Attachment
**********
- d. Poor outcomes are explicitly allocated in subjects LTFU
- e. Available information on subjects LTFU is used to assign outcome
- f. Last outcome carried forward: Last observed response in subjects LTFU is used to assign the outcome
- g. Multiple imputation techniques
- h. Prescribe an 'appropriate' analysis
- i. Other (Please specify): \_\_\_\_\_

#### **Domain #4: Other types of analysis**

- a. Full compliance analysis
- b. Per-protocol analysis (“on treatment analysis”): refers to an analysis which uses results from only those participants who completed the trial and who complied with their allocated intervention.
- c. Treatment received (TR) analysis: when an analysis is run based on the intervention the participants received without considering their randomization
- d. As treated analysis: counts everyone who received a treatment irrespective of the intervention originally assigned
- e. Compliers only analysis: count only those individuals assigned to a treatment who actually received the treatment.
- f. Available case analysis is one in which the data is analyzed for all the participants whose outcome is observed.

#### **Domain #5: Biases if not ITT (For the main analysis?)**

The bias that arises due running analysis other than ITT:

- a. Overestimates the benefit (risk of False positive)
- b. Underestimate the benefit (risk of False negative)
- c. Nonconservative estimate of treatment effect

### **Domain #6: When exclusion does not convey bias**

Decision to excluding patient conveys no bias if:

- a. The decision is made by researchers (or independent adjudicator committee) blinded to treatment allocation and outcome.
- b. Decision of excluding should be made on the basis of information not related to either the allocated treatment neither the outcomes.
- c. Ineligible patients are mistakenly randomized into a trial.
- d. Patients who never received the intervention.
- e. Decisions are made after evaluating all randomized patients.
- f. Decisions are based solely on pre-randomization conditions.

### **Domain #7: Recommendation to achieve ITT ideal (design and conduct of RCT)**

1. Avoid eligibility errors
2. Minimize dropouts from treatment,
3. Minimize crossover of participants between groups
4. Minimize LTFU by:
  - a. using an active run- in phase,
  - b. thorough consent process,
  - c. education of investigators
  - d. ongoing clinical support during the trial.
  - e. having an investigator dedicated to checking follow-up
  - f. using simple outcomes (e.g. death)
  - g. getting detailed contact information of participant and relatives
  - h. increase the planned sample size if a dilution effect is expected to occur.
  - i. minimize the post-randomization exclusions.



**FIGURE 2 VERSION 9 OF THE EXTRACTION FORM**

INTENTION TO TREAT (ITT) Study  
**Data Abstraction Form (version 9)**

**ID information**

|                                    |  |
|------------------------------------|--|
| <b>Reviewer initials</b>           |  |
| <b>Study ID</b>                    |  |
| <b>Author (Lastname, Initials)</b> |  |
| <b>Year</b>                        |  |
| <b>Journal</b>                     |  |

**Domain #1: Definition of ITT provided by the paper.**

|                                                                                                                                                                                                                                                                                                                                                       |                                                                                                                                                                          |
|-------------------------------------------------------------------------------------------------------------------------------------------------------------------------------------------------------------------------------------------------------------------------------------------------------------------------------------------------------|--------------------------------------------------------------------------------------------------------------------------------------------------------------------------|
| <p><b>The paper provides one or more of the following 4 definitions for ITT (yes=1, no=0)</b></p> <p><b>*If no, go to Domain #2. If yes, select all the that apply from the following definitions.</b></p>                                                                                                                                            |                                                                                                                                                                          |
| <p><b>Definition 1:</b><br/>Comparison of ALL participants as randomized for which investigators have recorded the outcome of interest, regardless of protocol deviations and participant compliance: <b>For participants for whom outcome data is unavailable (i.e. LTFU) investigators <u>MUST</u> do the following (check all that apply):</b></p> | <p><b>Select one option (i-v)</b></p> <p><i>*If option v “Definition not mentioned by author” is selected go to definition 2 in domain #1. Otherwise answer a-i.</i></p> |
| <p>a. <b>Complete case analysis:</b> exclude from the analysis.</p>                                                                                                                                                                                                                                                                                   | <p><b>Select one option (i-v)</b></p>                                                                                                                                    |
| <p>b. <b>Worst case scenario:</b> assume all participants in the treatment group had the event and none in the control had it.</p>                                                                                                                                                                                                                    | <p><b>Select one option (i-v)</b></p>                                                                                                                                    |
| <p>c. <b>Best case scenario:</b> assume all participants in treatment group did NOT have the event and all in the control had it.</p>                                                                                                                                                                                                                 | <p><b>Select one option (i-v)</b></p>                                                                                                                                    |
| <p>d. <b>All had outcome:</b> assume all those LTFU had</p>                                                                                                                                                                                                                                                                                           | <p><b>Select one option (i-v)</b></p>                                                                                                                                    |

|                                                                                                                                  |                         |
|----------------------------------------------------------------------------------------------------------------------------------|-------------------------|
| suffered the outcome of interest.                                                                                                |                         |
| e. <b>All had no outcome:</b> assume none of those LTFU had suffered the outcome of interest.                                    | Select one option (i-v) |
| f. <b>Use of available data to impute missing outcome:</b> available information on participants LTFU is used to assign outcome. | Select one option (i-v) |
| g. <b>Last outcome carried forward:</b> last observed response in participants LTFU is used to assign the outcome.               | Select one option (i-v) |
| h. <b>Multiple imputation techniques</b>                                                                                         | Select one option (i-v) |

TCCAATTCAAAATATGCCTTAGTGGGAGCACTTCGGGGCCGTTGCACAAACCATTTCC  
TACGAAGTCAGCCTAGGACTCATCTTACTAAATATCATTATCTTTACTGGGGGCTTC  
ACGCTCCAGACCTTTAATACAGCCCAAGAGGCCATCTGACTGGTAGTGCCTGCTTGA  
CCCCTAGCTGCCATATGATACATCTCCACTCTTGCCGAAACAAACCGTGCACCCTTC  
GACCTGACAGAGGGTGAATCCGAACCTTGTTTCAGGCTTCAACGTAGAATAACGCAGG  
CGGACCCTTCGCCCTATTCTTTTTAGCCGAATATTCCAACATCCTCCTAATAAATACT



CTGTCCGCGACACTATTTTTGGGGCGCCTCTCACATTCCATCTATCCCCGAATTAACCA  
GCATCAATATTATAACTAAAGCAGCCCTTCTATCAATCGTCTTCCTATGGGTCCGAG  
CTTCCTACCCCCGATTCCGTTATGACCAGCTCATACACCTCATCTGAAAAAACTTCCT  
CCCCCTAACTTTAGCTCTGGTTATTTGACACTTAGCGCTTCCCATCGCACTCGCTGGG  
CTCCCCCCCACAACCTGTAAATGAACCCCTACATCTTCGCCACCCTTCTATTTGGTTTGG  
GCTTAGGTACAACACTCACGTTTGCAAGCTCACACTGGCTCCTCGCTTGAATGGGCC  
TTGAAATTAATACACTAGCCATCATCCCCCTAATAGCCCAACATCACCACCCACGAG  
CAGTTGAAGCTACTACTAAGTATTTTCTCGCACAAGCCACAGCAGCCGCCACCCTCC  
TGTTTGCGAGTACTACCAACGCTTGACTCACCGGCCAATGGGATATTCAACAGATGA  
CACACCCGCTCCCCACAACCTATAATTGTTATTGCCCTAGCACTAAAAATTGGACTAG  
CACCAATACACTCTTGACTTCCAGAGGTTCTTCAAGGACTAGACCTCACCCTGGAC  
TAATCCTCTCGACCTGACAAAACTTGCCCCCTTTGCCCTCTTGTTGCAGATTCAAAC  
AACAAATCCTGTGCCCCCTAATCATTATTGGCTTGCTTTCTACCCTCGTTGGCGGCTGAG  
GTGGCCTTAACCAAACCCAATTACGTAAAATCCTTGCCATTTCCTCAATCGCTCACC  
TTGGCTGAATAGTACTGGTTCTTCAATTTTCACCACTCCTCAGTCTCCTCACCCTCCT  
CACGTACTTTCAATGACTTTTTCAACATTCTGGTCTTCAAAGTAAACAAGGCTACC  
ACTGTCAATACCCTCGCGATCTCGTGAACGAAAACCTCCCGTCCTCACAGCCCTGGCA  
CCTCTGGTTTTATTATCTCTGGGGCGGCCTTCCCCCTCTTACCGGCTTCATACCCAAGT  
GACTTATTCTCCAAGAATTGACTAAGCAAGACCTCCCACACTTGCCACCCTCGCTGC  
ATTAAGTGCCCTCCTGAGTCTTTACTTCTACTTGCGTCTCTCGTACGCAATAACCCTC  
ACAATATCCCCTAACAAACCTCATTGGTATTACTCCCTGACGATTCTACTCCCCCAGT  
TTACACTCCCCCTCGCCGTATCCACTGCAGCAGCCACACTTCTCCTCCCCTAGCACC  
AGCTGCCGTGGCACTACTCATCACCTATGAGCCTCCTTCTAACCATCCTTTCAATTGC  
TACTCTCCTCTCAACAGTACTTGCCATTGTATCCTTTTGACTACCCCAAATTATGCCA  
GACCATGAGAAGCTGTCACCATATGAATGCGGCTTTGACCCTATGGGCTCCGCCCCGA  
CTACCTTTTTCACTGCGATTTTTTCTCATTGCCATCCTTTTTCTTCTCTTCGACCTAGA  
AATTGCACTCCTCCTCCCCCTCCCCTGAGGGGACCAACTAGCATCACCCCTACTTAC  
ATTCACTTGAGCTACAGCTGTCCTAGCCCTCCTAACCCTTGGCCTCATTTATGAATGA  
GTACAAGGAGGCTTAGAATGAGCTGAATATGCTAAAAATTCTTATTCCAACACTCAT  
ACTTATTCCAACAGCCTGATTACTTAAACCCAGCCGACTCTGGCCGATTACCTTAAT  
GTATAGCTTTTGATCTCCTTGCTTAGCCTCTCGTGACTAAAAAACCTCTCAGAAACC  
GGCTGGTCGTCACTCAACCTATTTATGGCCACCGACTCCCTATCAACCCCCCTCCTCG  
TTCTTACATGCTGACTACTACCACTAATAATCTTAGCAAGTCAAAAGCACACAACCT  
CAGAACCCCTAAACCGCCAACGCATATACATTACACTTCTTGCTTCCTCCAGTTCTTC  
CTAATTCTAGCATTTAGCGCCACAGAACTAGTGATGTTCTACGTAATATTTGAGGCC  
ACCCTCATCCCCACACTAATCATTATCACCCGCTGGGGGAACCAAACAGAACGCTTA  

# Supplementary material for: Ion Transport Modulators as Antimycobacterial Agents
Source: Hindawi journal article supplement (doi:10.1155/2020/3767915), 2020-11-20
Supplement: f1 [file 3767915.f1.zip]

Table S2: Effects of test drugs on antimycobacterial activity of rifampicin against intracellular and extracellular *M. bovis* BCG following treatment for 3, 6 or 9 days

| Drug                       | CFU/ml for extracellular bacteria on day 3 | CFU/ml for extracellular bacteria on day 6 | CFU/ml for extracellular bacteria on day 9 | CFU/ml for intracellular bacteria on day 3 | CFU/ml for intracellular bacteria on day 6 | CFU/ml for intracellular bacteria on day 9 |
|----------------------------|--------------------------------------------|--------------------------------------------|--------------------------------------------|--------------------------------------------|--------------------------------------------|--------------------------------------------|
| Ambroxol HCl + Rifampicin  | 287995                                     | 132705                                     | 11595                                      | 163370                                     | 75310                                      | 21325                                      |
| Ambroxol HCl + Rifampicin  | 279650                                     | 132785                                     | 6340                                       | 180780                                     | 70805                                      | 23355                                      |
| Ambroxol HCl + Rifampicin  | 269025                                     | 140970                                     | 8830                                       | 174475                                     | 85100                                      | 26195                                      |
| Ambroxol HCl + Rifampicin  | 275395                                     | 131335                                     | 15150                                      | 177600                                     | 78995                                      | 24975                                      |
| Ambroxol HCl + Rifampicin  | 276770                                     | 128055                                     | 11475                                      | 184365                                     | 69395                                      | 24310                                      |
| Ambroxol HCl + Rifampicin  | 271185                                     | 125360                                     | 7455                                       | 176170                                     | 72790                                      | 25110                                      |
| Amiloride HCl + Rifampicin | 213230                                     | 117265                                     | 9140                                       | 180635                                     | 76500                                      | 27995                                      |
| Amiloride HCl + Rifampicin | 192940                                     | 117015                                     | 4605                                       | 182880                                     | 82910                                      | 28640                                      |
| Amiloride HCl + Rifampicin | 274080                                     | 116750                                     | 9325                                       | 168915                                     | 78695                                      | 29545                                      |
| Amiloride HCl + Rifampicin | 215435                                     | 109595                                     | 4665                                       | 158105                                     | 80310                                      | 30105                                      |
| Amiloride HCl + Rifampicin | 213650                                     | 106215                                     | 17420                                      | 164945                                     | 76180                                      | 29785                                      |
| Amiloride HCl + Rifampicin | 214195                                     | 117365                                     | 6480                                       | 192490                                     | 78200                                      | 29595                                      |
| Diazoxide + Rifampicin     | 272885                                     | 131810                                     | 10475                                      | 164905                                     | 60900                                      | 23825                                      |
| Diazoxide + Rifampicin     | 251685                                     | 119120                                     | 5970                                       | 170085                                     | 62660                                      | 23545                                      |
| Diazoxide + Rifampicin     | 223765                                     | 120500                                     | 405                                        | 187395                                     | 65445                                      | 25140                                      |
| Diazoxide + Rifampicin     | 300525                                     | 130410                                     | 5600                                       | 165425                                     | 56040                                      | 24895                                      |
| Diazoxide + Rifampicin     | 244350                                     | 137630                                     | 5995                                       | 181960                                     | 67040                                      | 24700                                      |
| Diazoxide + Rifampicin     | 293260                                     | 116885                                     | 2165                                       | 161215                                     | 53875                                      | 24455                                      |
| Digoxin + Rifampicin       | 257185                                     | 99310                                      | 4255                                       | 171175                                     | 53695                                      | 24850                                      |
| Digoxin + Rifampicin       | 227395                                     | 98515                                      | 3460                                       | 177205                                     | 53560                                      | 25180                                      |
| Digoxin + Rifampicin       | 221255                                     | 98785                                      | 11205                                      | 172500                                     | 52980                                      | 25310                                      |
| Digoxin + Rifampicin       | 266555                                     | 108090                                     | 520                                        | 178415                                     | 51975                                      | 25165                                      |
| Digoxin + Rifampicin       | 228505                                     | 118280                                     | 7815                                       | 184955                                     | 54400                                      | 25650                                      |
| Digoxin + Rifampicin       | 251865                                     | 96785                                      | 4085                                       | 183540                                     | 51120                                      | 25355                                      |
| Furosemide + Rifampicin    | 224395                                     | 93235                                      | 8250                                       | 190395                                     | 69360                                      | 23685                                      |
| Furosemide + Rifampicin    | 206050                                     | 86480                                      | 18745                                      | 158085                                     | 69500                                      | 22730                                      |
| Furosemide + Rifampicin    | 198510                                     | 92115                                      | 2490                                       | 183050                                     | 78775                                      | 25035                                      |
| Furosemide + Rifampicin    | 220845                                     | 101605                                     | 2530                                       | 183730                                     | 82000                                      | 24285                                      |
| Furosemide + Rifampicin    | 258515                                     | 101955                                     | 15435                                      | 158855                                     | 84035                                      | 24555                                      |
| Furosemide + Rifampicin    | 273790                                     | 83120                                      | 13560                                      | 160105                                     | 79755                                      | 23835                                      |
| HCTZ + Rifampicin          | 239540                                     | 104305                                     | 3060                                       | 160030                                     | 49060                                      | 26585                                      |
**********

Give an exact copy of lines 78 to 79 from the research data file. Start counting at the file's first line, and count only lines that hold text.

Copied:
CTCCCCCCCACAACCTGTAAATGAACCCCTACATCTTCGCCACCCTTCTATTTGGTTTGG  
GCTTAGGTACAACACTCACGTTTGCAAGCTCACACTGGCTCCTCGCTTGAATGGGCC  